The 75” H10D ULED TV will be the flagship for the year and will feature THX certification. It is expected to ship this summer for $5,999 and will include HDR10 compatibility, wide color gamut and a full array direct backlight. These appear to be the only models with quantum dot technology and should achieve UHD Alliance Premium certification. Color gamut coverage is said to be 95% of P3 or 85% of 2020. A 70” model should be offered too, for $2,999 and features 320 zones.

For the China market, Hisense also offers the 55” 9600 model which features quantum dot technology, 224 zones, 1000 cd/m² of peak luminance and 85% of BT.2020 coverage as well. The 65” model has 300 zones and a peak luminance of 1280 cd/m². It is unclear if this is coming to the US, however.

The 4K H9 and 4KH9+ models are edge lit with HDR10 support. The H9 series will be offered in 50” ($699), 55” ($899) and 65” ($1,299) screen sizes with wide color gamut and 120 Hz panels. The H9D+ range increases the panel refresh rate to 240 Hz offering 65” ($1,999), 55” ($1,299) and 50” ($999) models, plus a 75” model ($TBD). These should ship in early 2017.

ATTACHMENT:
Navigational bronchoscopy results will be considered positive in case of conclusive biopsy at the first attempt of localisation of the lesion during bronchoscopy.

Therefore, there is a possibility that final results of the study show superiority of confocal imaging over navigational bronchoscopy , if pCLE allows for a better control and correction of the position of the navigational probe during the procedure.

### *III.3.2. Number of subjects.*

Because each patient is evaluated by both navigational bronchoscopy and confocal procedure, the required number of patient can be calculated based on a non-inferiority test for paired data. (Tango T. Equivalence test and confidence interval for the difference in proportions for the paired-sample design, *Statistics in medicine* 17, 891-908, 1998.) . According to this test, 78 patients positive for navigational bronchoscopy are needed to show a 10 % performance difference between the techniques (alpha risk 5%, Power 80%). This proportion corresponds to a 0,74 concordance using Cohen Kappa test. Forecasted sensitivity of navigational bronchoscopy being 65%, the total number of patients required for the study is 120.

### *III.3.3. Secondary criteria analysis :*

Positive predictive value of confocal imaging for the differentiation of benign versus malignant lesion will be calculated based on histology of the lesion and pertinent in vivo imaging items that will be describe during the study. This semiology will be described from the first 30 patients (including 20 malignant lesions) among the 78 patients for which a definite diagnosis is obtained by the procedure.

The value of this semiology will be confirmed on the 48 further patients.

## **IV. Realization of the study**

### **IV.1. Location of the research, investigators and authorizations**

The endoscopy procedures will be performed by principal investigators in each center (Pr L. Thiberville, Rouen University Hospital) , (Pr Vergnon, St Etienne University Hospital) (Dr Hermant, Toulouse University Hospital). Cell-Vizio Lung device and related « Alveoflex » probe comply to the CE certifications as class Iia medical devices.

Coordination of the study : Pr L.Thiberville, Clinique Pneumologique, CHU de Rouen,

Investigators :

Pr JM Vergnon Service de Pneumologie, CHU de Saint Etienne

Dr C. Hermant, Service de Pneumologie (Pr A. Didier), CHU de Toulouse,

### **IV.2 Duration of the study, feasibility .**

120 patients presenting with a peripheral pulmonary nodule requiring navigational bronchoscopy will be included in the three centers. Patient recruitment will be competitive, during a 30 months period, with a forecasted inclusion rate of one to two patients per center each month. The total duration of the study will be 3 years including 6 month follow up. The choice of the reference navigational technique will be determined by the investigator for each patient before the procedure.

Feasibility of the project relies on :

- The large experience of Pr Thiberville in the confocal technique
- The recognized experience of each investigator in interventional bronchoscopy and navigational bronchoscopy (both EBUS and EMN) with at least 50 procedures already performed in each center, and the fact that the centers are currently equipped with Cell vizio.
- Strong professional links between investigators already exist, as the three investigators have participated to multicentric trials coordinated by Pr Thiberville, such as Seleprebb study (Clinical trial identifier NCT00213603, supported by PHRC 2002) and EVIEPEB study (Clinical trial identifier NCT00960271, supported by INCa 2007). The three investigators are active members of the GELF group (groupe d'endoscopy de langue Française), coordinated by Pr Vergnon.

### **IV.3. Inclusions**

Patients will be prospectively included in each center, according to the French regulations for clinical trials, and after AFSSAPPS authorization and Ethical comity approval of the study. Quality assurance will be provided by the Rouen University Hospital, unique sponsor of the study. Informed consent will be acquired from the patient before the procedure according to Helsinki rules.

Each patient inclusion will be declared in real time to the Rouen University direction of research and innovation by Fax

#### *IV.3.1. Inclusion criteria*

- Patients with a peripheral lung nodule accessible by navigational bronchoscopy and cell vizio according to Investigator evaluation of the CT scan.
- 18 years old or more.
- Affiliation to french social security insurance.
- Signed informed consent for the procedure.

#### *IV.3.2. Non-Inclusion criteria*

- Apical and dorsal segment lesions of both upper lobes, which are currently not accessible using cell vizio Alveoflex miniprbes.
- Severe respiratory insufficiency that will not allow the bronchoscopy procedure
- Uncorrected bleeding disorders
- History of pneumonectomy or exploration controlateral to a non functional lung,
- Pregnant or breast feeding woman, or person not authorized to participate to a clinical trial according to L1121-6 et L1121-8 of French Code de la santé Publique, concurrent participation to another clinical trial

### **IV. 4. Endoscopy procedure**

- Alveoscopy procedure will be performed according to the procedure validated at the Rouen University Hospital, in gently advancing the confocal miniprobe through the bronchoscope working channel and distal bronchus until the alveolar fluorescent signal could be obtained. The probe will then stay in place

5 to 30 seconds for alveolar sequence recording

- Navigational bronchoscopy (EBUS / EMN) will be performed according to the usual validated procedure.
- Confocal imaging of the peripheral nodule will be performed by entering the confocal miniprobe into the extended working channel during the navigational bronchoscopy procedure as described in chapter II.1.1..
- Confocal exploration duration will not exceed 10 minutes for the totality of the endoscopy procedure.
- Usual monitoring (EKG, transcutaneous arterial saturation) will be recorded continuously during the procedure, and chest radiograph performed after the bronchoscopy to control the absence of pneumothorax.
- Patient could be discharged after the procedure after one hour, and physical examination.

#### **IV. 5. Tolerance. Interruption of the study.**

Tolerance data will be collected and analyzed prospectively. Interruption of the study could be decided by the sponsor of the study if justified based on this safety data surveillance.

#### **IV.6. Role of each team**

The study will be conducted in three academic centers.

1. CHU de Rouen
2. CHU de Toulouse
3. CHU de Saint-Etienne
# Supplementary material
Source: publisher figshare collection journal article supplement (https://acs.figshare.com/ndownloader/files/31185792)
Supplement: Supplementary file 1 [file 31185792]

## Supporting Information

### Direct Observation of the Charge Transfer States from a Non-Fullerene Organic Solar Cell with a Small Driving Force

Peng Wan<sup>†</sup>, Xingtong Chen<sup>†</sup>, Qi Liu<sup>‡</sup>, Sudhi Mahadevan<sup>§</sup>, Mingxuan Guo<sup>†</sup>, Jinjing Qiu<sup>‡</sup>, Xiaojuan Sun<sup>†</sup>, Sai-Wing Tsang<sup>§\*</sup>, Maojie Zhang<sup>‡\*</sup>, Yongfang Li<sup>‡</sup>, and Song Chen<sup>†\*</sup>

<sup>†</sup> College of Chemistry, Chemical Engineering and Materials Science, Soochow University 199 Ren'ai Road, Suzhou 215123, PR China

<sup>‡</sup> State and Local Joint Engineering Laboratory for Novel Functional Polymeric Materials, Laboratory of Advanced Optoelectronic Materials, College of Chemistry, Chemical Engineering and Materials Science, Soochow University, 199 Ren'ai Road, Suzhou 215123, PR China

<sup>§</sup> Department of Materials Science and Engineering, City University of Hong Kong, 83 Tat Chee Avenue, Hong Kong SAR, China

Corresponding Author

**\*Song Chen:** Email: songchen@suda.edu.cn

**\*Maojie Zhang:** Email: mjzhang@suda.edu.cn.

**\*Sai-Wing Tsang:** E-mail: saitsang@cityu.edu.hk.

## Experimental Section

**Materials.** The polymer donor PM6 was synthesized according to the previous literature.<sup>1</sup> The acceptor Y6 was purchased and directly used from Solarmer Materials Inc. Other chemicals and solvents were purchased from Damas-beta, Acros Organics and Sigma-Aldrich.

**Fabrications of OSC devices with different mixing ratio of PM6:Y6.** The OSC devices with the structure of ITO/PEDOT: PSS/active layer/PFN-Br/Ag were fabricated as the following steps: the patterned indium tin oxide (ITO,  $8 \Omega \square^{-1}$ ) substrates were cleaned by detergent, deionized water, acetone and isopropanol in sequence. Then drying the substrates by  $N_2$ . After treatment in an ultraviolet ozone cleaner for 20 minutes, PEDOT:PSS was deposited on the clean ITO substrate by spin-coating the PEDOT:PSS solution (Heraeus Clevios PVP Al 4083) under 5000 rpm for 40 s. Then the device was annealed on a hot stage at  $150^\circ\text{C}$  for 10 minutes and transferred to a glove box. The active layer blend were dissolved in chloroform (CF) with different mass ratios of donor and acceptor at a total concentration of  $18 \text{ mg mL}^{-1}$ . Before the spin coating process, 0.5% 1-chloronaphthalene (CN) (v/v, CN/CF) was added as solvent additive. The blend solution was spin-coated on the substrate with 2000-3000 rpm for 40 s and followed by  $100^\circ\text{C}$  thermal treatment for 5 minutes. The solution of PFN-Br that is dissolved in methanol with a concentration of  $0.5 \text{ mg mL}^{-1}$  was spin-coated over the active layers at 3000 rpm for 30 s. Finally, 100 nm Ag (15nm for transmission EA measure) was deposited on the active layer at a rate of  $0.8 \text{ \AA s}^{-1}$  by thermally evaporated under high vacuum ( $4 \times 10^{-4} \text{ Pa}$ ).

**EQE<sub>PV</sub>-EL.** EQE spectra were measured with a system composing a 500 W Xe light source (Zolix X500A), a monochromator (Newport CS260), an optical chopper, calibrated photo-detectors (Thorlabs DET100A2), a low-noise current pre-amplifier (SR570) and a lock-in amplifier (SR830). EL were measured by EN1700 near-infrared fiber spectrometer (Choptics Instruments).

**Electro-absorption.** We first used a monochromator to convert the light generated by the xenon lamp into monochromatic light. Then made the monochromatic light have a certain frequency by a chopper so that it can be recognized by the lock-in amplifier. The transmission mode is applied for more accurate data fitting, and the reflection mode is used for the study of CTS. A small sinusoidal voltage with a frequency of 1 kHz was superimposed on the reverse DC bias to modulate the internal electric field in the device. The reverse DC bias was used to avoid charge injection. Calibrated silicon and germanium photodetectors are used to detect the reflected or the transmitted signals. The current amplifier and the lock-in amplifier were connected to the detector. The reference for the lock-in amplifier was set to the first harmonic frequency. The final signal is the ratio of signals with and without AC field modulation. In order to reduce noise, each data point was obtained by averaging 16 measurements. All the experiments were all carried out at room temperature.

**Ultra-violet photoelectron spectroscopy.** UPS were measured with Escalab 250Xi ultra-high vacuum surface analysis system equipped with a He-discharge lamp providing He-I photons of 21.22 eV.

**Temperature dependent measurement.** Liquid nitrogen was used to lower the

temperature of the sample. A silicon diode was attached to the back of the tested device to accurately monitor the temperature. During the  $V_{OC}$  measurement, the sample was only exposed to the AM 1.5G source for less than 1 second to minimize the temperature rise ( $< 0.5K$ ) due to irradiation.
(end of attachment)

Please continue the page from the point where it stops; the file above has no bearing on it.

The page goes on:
The H8D series are direct backlight models that will offer HDR10 compatibility and a 120 Hz panel. Sizes will include an 86” ($5,999), 75” ($2,499), 65” ($999), 55” ($649) and 50” ($549), all due in March/April. These achieve about 80% of DCI-P3 and offer 370-400 cd/m² of peak luminance.

Also coming in this same time frame is the H7 series using direct backlights and a 120 Hz panel in 65” ($899), 55” ($599), 50” ($499) and 43” ($399) versions with HDR10 compatibility.

In Roku models, the flagship here appears to be the R8 which will be topped with a 75-inch ($1,199, August) version that includes Dolby Vision HDR and integrated Roku TV. These do not use quantum dot technology but rather white LED with a red phosphor in a direct backlight configuration with 128 zones. Color gamut coverage is said to be 85% of P3 but the peak luminance spec was not available.

Hisense Roku

Hisense was also showing a 65” curved Dolby Vision TV but we are unclear whether this is part of the R8 series and if it will be offered in the US.

The Roku R6 models include the 65” ($799), 55” ($549), 50” ($449) and 43” ($399) screen sizes. No specs on color gamut or peak luminance were offered. – CC